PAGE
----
The way of non-forgetting the late poet Szilárd Borbély

The half-decade that has passed since the death of Hungarian poet Szilárd Borbély has been the time of silence for both readers and literature experts. Silence of astonishment and mourning, as part of our clumsy try to express our confrontation with death, and then the world went by, leading us away from talking and letting talk.

But Szilárd Borbély’s life work is important! Even if it feels fragmented, it is complete, diverse and finished, and in many ways even more actual than it was in his life. If we do not want to forget him, or do want to non-forget him, then the poetry night in the Festival Theatre of the Müpa on the 6th of October 2020, created by Júlia Tóth-Czifra and organised by Pál Mácsai, is the best programme for us.

Evening now in Bethlehem,
the swineherds fallen still.
Gipsy musicians playing
in a dilapidated inn.

When the Three Kings arrive,
three roses red as blood.
Three wilted lilies
at the stable doors knock.

As through the tiny crevice slips
the full moon’s slender shard.
And shines yet for two more years,
like the knife on the table laid.

(Szilárd Borbély: Sequences of Christmas; translated by Rachel Mikos)

The Dispossessed, his 2013 novel is clearly the zenith of his life works – and now we know it was also the closing. It is a strong, characteristic prose that outgrows taboos and own silences, something that could say a lot back then, because it was a step forward from what we valued in Szilárd Borbély’s word already.

The Dispossessed was a tremblingly new form of expression within the life work of Borbély who kept experimenting with voices and the creation of new connections. By the time of its release, everyone thought it was the beginning of something, but shortly after it turned out that it became the end of his artistic world. Such a peak above an abyss that we have to stand upon to look over the whole work of that tragically short life.

Looking back from the end, we can see markantly that literature is no easy, joyful game for Szilárd Borbély, be it poetry or prose. It is more like self-discovery, self-crucifixion, where new paths always promise more than the ones walked on by predecessors.

That is why and how his ability to personify all kinds of voices in his poetry, also taking the responsibility of breaking taboos and clarifying aesthetics, is extremely important. He personifies women or Holocaust survivors, and that is the way of bringing absurd and grotesque elements into the most serious topics. Because we inevitably live in an absurd world anyway.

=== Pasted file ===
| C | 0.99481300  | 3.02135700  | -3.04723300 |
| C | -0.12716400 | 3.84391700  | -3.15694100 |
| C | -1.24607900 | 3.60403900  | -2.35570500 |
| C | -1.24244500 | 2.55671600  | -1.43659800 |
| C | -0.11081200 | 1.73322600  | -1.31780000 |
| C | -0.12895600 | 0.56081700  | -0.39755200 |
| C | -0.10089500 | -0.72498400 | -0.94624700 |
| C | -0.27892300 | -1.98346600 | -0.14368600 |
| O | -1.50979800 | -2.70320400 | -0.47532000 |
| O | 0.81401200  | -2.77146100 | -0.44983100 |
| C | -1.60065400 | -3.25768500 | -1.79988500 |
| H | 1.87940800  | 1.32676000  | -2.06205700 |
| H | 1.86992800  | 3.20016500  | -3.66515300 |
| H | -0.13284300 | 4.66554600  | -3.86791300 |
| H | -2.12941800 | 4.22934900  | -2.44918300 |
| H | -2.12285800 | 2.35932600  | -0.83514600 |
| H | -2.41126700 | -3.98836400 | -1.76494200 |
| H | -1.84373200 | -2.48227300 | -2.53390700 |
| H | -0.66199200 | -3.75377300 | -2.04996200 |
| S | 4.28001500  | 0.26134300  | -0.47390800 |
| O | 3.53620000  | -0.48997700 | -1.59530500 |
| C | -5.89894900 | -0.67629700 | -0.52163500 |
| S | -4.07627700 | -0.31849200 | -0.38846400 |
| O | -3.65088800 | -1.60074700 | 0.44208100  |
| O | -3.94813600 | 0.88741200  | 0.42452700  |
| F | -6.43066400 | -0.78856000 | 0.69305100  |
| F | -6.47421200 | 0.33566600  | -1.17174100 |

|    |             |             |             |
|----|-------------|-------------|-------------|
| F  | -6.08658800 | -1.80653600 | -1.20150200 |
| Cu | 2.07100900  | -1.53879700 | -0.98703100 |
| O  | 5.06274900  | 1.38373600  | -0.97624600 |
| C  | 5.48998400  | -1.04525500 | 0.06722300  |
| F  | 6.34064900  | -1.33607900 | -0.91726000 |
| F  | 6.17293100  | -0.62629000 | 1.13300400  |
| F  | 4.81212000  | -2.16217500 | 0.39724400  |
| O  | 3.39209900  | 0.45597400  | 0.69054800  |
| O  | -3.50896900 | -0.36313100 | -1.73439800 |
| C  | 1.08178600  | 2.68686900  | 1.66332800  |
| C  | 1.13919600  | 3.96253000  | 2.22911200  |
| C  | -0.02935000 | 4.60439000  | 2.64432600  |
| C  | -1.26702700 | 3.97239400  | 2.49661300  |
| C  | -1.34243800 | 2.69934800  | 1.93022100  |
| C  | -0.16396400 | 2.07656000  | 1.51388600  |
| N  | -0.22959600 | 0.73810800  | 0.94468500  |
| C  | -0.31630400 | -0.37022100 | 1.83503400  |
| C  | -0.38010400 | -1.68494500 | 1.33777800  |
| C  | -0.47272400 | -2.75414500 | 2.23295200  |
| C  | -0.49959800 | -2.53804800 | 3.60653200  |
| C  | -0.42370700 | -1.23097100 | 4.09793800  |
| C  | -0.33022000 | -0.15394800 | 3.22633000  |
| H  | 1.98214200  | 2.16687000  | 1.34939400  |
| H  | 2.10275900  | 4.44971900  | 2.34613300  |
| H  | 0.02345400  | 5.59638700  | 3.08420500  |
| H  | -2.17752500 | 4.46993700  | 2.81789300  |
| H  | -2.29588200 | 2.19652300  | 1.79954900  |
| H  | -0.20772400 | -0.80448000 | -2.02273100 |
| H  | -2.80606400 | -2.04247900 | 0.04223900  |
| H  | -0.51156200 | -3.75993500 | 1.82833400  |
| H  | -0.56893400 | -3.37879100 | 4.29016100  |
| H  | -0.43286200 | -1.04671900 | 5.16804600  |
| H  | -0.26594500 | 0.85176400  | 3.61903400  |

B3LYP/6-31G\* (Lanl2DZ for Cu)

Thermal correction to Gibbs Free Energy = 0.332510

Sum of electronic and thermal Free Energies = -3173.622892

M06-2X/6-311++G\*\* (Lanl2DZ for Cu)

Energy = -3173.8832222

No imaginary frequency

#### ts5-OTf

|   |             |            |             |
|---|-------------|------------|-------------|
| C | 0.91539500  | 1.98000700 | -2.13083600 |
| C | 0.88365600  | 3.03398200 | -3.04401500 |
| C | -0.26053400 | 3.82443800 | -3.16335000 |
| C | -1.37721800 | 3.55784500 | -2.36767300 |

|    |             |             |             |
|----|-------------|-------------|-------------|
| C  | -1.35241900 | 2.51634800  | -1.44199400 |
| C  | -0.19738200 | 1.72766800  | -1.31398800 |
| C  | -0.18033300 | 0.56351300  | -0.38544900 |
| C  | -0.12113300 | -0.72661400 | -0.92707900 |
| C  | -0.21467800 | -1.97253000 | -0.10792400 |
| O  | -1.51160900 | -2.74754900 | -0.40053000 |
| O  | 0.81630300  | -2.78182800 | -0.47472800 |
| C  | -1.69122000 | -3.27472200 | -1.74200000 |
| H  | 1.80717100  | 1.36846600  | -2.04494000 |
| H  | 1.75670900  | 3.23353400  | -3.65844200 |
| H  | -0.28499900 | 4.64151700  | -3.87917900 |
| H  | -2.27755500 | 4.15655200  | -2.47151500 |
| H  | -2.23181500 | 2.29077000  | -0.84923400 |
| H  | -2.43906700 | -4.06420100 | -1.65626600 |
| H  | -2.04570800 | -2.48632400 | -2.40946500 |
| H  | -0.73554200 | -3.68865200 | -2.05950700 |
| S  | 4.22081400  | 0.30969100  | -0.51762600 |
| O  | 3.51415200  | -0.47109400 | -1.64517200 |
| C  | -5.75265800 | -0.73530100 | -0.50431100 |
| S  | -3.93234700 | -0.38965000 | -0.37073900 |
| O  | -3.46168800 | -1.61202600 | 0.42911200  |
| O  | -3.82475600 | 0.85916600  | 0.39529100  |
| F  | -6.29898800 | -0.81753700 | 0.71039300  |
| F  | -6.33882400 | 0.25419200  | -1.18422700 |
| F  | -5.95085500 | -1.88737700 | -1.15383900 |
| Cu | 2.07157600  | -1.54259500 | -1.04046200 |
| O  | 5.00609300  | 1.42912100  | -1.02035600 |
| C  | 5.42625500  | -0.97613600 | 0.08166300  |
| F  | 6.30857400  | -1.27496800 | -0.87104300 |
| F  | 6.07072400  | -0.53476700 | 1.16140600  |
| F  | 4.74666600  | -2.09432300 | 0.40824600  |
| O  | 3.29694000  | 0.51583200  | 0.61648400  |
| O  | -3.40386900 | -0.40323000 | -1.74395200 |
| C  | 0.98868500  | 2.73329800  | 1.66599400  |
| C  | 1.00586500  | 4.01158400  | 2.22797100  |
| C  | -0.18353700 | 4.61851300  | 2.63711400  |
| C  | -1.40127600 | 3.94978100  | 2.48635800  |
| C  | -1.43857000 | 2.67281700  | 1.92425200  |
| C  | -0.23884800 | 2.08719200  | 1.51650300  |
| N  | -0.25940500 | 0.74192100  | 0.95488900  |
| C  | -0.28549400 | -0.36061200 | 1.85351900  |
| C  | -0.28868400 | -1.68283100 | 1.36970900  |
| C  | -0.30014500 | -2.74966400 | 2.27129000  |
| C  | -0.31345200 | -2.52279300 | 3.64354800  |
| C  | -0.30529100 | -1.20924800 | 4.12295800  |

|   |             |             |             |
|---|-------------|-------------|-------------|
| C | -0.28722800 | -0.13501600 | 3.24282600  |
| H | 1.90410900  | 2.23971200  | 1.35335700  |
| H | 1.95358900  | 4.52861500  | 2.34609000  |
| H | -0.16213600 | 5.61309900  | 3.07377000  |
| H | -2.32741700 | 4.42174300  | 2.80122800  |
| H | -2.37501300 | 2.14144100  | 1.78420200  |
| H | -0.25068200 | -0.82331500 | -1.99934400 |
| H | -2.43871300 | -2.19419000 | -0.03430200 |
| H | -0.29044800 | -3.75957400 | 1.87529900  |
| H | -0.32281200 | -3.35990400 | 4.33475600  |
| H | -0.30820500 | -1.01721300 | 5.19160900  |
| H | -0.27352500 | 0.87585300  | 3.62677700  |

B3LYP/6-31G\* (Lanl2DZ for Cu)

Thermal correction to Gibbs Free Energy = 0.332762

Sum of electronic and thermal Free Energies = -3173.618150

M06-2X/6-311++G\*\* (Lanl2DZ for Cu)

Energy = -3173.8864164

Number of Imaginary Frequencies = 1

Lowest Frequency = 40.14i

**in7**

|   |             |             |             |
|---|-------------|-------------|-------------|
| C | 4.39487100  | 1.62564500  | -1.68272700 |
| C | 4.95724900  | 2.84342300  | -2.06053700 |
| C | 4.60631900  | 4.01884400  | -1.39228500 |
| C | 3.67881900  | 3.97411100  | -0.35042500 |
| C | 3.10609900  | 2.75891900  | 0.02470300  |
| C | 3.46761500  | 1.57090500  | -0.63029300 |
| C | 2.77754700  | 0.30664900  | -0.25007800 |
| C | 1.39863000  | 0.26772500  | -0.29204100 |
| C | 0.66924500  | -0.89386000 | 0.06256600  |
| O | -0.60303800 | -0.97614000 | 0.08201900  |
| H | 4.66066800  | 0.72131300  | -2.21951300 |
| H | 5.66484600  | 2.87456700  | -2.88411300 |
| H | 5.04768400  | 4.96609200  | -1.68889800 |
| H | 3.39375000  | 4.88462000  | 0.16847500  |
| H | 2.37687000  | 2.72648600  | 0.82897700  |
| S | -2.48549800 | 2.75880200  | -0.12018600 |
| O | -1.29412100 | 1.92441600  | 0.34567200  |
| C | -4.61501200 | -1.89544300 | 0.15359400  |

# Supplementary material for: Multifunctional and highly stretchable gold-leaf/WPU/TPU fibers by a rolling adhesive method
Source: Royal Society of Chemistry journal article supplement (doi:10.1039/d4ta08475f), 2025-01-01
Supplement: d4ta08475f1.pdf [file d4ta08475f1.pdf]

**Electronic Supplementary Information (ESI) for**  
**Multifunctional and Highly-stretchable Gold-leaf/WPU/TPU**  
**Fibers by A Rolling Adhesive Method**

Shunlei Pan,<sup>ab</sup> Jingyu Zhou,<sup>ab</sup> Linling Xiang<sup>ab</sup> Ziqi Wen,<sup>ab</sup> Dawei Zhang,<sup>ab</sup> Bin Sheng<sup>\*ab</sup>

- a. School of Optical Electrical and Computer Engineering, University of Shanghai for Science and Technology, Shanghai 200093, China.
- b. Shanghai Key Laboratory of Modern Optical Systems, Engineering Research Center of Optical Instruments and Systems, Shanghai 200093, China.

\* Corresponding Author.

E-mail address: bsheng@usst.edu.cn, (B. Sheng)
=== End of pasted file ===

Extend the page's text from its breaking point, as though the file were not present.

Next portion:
There was nothing more than there should have been,
the common residue of the last few days,
gathered by the breeze into the courtyard nooks,
until Fanny the charwoman swept them away

and into the ground-floor flat called
“Good morning!” and “What’s for lunch today?”
The sun shone down. Doves alighted on the eaves
and pockmarks on the cement were seen

each one by itself, for eternity. It was Spring.
The shutters were folded, the shades drawn.
The window opened just a crack, which was strange,
but maybe not so much. And then everyone

was seeking the cause of the peculiar smell. Evening
came, and morning again. The third day. No one
thought of the elderly couple in the ground-floor flat.
The detectives were bored. Nothing affects them

anymore. They were drunk when they got there and
guzzled even more at the drink-stand next door. The corpses
were buried quickly, because it was Easter. The case
was closed. And no one played the Dies irae.

(Szilárd Borbély: Final Matters: Death; translation by Ottilie Mulzet)

Szilárd Borbély received many prizes and scholarships throughout his active years, from the Gyula Juhász Prize in 1989 to the Miklós Mészöly Prize in 2014, but everyone who knew his introversion could guess that in his case, it was really the works that won the prizes. Works that you can still read – works that you should still read! Because this life work is not important for the author anymore. It is important for us, the surviving ones, the readers.

“Poem is like a divination tool, like the tarot. Condensed symbols that connect to a state of mind, a moment, a little part of time that is very personal, as it is revealed through the human being. Not an individual moment, I have to emphasise, but a personal moment. It is the moment of the persona which can be swapped with a very specific form of existing.”

These were his words in an interview, and maybe we can get closer to this divination tool at the upcoming literature evening on the 6th of October 2020.

Article: Hahó Grozdits

Translation: Zsófia Hacsek